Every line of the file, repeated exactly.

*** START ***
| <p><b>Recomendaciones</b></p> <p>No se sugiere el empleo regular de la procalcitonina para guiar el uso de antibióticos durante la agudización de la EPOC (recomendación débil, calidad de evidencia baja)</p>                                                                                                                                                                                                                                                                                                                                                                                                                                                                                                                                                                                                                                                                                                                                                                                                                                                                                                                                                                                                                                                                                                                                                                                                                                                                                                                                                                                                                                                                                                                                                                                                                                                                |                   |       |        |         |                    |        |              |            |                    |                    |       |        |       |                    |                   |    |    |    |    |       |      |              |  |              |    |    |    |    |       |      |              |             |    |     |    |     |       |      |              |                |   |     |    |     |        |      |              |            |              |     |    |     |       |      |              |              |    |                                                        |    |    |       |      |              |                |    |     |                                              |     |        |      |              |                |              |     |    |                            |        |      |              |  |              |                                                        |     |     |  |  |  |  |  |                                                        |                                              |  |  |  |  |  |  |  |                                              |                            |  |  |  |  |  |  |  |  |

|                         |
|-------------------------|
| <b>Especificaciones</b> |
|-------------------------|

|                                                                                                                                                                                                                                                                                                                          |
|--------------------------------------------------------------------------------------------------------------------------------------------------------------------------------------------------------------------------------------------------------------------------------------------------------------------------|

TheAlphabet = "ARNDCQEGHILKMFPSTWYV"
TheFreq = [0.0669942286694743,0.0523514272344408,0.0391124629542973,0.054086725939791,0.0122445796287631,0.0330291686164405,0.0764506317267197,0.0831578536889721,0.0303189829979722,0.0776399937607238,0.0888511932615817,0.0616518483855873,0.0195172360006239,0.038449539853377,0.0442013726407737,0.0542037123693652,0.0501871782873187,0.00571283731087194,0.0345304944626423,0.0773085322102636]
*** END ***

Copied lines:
| <p><b>Recomendaciones</b></p> <p>No se sugiere el empleo regular de la procalcitonina para guiar el uso de antibióticos durante la agudización de la EPOC (recomendación débil, calidad de evidencia baja)</p>                                                                                                                                                                                                                                                                                                                                                                                                                                                                                                                                                                                                                                                                                                                                                                                                                                                                                                                                                                                                                                                                                                                                                                                                                                                                                                                                                                                                                                                                                                                                                                                                                                                                |                   |       |        |         |                    |        |              |            |                    |                    |       |        |       |                    |                   |    |    |    |    |       |      |              |  |              |    |    |    |    |       |      |              |             |    |     |    |     |       |      |              |                |   |     |    |     |        |      |              |            |              |     |    |     |       |      |              |              |    |                                                        |    |    |       |      |              |                |    |     |                                              |     |        |      |              |                |              |     |    |                            |        |      |              |  |              |                                                        |     |     |  |  |  |  |  |                                                        |                                              |  |  |  |  |  |  |  |                                              |                            |  |  |  |  |  |  |  |  |

|                         |
|-------------------------|
| <b>Especificaciones</b> |
|-------------------------|

|                                                                                                                                                                                                                                                                                                                          |
|--------------------------------------------------------------------------------------------------------------------------------------------------------------------------------------------------------------------------------------------------------------------------------------------------------------------------|

TheAlphabet = "ARNDCQEGHILKMFPSTWYV"
TheFreq = [0.0669942286694743,0.0523514272344408,0.0391124629542973,0.054086725939791,0.0122445796287631,0.0330291686164405,0.0764506317267197,0.0831578536889721,0.0303189829979722,0.0776399937607238,0.0888511932615817,0.0616518483855873,0.0195172360006239,0.038449539853377,0.0442013726407737,0.0542037123693652,0.0501871782873187,0.00571283731087194,0.0345304944626423,0.0773085322102636]